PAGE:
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Frédéric Boyer: "We need to surprise the audience"

On a snowy morning, we met with Frédéric Boyer, the artistic director of Les Arcs Film Festival (Artistic Director of Tribeca Film Festival since 2012, Les Arcs Film Festival since 2009 and RIFF in Reykjavik since 2020) to talk about the selection of this 14th edition, the future of European cinema and how unique this festival is.

How do you think this edition of the festival is going?

Every year we say it’s better than the last one and it’s always true. In the last few years, we had troubles due to the pandemic or the weather. This year is going smoothly and many professionals are attending the festival. We always try to bring everyone from the movie teams, because it’s great to meet everyone involved in the production, and the public appreciates it.

What exactly is your role in the festival?

I have been the artistic director of the festival since the beginning. My role consists in watching the movies and with the help of a committee, coming up with the selection and especially trying to find a fil rouge between them. We try to keep the selection as diverse as possible, including different genres, backgrounds, budgets and countries of production. We are committed to highlighting women filmmakers’ work as well: almost half of the movies are made by women and it’s really easy to include so many in the selection because a lot of talented women work in the cinema industry.

What are you looking for in a movie?

When coming up with a selection you can’t just rely on your taste. As a committee, we need to keep the audience in mind. There are several sections at Les Arc: we have for example the Hauteur section, which includes movies from young European directors who are going to be the Pedro Almodóvar and Lars Von Trier of tomorrow. Other than the competition we include short movies, animated movies and documentaries. It’s really important to select movies with contemporary themes like climate change and immigration for example so that people can reflect on the movie and start a conversation about it. We need to surprise the audience. Our goal is also to have premieres of movies we select, so most of the films are going to be released next year.

What do you think is the future of European cinema?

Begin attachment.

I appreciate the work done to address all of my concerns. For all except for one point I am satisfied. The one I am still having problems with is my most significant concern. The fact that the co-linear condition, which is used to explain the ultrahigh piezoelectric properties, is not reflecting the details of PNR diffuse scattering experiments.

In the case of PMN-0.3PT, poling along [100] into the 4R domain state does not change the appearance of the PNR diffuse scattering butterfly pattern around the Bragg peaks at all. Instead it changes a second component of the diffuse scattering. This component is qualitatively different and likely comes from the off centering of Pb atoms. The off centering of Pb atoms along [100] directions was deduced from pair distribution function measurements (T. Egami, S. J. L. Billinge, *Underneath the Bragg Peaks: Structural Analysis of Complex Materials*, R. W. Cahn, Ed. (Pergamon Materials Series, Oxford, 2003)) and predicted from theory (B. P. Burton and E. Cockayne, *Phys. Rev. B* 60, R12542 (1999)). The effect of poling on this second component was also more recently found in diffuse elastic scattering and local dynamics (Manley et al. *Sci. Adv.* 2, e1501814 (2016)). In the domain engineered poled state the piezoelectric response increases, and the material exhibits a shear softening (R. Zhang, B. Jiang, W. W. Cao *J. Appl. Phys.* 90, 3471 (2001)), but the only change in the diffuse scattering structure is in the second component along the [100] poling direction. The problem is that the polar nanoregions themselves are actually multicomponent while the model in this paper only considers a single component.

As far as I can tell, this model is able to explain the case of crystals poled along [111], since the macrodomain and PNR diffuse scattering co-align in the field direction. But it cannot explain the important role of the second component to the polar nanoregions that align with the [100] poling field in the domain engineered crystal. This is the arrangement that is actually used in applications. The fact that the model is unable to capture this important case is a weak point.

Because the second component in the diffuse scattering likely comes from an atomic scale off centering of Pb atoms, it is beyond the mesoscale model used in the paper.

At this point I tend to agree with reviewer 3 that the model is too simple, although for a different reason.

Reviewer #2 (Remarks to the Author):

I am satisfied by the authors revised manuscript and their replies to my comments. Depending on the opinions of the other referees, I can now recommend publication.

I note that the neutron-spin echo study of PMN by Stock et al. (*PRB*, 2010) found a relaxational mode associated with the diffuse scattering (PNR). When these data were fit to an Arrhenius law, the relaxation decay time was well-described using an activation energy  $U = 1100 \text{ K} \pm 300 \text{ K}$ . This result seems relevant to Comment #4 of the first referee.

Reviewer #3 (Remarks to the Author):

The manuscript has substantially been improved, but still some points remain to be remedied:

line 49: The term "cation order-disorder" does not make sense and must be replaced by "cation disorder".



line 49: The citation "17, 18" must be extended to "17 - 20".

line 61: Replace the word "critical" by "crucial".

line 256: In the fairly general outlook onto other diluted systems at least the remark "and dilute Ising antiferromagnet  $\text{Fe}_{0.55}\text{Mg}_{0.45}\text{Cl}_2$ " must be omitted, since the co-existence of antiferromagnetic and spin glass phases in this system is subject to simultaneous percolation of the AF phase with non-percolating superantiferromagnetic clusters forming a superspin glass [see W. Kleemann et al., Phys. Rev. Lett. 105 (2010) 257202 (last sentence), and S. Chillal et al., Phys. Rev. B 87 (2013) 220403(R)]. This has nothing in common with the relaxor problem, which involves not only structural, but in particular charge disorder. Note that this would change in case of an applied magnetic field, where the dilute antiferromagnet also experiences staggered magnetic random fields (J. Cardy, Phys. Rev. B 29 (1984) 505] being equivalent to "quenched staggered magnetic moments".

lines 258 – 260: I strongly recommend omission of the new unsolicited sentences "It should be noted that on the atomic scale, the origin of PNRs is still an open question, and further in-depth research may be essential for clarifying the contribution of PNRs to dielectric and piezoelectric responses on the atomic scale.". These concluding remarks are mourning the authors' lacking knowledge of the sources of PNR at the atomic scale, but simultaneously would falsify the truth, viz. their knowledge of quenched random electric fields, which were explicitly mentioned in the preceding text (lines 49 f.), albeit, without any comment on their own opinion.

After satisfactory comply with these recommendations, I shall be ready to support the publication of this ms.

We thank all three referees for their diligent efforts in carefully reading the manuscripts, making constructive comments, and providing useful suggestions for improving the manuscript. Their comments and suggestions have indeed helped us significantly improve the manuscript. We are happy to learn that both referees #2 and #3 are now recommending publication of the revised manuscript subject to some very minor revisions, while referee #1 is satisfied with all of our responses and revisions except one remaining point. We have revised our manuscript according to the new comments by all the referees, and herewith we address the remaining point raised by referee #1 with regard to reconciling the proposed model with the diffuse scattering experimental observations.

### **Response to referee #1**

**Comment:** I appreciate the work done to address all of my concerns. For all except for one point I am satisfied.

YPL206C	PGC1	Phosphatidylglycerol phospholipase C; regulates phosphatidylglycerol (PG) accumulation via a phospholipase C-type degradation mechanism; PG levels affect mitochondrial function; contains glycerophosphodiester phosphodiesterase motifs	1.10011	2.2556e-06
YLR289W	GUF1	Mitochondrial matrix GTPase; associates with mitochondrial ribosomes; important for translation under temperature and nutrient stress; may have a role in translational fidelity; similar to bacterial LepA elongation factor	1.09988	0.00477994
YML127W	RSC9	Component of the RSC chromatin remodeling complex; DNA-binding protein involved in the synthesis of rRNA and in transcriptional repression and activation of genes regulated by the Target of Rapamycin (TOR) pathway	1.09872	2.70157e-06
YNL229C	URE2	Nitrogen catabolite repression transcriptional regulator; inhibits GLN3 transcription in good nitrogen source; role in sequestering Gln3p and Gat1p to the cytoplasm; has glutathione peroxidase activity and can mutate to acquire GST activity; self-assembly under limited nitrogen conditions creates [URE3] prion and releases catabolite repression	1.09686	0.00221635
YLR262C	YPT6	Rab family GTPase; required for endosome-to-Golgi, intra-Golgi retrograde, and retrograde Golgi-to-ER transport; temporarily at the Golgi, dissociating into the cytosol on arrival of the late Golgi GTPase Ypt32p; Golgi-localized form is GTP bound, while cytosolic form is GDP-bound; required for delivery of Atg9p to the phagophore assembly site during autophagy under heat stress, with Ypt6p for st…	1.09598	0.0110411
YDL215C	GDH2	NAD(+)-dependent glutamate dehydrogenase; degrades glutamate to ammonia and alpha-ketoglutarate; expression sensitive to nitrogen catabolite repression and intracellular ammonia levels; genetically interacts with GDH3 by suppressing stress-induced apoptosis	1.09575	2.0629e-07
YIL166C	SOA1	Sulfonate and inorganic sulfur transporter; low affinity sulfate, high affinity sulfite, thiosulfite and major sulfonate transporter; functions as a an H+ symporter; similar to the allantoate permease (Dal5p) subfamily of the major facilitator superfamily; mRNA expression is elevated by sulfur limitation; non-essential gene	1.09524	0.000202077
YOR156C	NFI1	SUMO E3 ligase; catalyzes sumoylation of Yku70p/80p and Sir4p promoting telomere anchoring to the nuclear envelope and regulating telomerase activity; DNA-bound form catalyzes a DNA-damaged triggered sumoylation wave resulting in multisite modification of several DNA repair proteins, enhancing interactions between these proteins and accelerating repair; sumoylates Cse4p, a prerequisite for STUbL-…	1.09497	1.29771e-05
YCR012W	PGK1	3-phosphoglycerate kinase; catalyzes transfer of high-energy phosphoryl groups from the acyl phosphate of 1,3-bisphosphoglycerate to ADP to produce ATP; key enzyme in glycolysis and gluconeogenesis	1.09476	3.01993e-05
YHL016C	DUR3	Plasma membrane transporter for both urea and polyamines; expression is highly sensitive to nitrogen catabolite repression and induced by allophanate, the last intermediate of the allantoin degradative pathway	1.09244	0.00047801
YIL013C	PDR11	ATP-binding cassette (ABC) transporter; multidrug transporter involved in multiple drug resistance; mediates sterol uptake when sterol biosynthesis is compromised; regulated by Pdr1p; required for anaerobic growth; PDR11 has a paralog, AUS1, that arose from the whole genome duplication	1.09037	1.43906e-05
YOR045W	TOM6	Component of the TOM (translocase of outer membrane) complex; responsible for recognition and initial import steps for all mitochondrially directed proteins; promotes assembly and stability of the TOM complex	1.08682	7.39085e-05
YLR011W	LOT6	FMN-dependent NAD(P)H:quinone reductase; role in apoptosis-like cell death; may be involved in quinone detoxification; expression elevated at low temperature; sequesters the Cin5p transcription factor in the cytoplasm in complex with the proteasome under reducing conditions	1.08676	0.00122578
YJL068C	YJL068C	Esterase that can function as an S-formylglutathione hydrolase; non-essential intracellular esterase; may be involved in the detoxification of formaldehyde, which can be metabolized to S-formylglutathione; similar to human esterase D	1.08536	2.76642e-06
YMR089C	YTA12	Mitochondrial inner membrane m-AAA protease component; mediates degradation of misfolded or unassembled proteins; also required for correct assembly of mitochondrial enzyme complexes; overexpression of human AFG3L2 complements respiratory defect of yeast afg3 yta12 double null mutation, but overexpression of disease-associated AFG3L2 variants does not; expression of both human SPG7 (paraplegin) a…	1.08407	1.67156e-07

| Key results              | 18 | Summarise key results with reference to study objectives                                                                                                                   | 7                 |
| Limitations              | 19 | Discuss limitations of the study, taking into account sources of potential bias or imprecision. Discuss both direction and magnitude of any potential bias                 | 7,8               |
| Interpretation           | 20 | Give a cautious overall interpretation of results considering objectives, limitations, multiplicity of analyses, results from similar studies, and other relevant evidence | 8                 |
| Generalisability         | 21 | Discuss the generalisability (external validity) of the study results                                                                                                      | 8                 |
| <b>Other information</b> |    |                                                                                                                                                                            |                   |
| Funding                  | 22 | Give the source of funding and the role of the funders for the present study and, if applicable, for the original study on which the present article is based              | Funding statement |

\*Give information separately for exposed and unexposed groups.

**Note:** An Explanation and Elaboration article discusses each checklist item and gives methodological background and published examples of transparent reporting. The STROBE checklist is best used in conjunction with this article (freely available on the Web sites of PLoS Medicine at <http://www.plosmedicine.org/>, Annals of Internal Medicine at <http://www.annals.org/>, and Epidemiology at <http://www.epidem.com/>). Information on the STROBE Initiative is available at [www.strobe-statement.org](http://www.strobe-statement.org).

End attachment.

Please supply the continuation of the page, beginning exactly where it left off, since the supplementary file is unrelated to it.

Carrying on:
We are going through a big crisis. In France, the situation is better than in the rest of Europe. We have a system that gives a percentage of every movie theatre ticket to an independent movie funding program. We are lucky to count on the help of the government and the institutions working to keep the french cinema tradition alive. As for European cinema, I think we can be thankful for the funding and support film institutions give to local young filmmakers who are then able to bring extremely creative work to life. Lately, festivals like ours have become the new distributors. After the pandemic, people are less likely to go to the cinema, but when you are at a festival you actively participate in the screenings, the events and the conversations happening.

As you have been here from the beginning, how much has the festival changed over the years?

We were amateurs at the beginning and it was very difficult. Figuring out transportation for example was a challenge due to our particular location. Over the years we organized new programs like the Music Village – which explores the connection between music and cinema – or the Talent Village – which promotes short movies by young directors from film schools all over Europe. We also added a section called Oscar au Ski that includes European films nominated for Best Foreign Language Film Academy Award. Les Arcs Film Festival is very unique as it creates a bubble in the mountains. It’s very small, intimate and isolated which makes meeting people and making connections really easy. We want people to have a good time and relax and spend time doing fun activities. Our wish is to keep the festival small and be able to continue adding new projects. Festivals like Cannes or Berlinale can get impersonal and overwhelming at times, while here people feel good and even famous actors and filmmakers feel comfortable without all the pressure of the bigger festivals.

What advice would you give to people who are starting as filmmakers?

I would say a good starting point is shooting a short movie to show people what they can do. I am always eager to watch new films, so in that sense, the festival is very accessible and we love discovering new people. Of course, we have a limited number of movies we can include in the selection, but cinema is my favorite art and I’m always curious to see something new and give feedback.


By Marta Mangas and Tecla Trupia (MIOB Journalism Lab)

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